Sadly, all good things must come to an end. And so February marked the third and final TFTC Anniversary tour which wound its way through the south, beginning at Mardi Gras in NOLA and ending on a very high note at the Blue Light Live in Lubbock, TX.
I had the great fortune to see this show three times in three different cities, exhilarated by the exceptional setlist every night. My throat was sung raw, my thighs burned from dancing and my spirit soared from the first muscling chord of Time Bomb to the last lingering note of… Time Bomb.
I had a blast, and by your tweets and posts on social media, so did you all. How could you not, right?
We haven’t done a round up in a while, so we thought we’d share some of the great press from this final leg. As always, these links will also be archived in the forum media sticky.
Alli Marshall from Mountain Xpress had an opportunity to sit down with Rhett before soundcheck at The Orange Peel in Asheville, NC to discuss the band’s longevity, songwriting and other goodies.
Over in Tennessee, Stephen Deusner of the Memphis Flyer had this to say about Too Far To Care:
“What’s remarkable is just how well that album has aged. The Old 97’s were one of the best and most influential bands of the alt-country movement, but rather than sounding stuck in a particular moment in the 1990s, these songs retain their urgency, their wit, their exquisite heartbreak. It’s a landmark Texas rock album, albeit an outlier in that state’s rock history: Rather than embracing the redneck-hippie country-rock pioneered by artists like Willie Nelson and Jerry Jeff Walker, the Old 97s clung to their twerp-punk roots, with Miller (often outfitted in a buzzcut and oversized thick-frame glasses) playing the perpetual loser role, sacrificing dignity for women and alcohol.”
You can further read about this and other “sound advice” here.
Kevin Hyde wrote of the Louisville show at Headliners Music Hall:
“Their packed, Sunday night performance at Headliner’s Music Hall in Louisville was so euphoric and ridiculously crowd pleasing that it felt like—God forbid—a grand farewell or victory lap. Let’s hope not, because this group clearly has plenty left in the tank… Since its release, Too Far To Care has had the cool distinction of being both a fan favorite and a band favorite, and the songs still ring with the same ferocious urgency, humor and sexual frustration that they did a decade and a half ago. That was back when Miller loved to write songs about getting together with the wrong girl, or getting together with the right girl in the wrong way.”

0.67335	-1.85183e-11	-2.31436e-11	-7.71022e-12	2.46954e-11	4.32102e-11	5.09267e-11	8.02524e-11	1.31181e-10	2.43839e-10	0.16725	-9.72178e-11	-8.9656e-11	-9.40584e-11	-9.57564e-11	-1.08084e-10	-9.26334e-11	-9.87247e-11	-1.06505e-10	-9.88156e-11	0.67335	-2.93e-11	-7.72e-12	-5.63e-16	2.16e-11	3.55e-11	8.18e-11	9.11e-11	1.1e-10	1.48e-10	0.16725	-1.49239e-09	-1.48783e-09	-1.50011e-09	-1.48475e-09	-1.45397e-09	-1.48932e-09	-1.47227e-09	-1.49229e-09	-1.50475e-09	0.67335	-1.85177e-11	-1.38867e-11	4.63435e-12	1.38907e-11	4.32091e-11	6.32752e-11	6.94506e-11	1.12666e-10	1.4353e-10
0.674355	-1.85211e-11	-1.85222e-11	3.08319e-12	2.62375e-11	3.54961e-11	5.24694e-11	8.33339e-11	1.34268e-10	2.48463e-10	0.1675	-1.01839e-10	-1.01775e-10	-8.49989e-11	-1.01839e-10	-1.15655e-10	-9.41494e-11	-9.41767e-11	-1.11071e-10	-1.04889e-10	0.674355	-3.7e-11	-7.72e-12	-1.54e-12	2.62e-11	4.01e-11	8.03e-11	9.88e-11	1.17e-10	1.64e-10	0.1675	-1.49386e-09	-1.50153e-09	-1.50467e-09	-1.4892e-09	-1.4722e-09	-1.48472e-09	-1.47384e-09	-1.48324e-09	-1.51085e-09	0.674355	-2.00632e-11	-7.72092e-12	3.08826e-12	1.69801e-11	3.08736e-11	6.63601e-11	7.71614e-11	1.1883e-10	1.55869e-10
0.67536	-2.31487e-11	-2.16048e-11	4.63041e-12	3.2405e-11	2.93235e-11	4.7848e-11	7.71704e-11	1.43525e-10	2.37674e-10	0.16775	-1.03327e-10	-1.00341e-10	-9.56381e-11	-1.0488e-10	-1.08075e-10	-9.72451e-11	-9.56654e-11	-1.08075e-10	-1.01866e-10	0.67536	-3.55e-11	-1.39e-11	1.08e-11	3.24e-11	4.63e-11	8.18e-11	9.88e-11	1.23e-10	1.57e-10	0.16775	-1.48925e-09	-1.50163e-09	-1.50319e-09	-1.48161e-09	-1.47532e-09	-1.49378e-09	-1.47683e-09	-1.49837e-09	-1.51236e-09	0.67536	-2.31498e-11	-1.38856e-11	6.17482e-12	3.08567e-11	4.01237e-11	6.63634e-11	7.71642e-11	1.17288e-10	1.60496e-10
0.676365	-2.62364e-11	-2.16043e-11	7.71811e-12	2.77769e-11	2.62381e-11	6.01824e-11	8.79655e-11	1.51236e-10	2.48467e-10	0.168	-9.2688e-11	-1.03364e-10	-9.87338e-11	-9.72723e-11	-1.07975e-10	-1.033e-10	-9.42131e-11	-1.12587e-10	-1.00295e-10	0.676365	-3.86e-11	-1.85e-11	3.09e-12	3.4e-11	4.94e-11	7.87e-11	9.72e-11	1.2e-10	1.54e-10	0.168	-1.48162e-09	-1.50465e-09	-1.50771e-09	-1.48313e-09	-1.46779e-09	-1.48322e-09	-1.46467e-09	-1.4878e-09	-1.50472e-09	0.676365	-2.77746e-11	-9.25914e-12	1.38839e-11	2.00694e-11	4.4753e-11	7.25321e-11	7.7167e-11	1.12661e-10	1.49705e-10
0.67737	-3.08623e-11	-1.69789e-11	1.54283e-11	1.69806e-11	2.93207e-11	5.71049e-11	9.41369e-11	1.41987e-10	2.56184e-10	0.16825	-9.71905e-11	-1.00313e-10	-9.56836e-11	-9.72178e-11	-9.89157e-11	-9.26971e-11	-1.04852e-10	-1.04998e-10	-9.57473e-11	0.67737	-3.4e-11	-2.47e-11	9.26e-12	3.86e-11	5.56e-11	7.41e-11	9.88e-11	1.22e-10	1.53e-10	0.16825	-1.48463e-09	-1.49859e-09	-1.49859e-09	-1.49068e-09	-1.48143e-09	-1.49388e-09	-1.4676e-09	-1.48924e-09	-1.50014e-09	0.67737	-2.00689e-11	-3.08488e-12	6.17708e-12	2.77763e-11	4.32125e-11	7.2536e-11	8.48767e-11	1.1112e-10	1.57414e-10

After the evening’s burning hot performance by our favorite foursome, Kevin noted one fan’s exiting comment, “I think my face melted.” Who among us hasn’t had that happen. You can read the entire article here.
And finally, the first paragraph of New Slang’s Editor-in-Chief, Thomas Mooney, perfectly sums up how most of us feel about this magnificent seminal album by the band we all adore:
“Every so often, an album is released that just sticks with you. It never leaves. The CD is in your car. It’s on your phone. You’ve been able to memorize the lyrics in a matter of days. You remember the first time you heard it. You show it to your friends–and more often than not, it becomes one. Memories attach themselves to specific songs and lines. They stick out and shine a little brighter than the rest. You feel an automatic connection with others who have done the same. You turn it up as loud as possible and dance around the house alone. You don’t sing along, you scream along (So much that I’m actually not even able to write this article and listen to it at the same time since it’s so distracting).
That’s “Too Far to Care” for me.”
Thomas’ entire interview with Rhett is here.
TFTC may be over, but the guys jump back in the Sprinter and hit the Northeast next month, including four gigs with Drive-By Truckers. See you on the road!
(feature photo courtesy of fellow wrecker, Meanjeen; other photos courtesy Rubato Photo)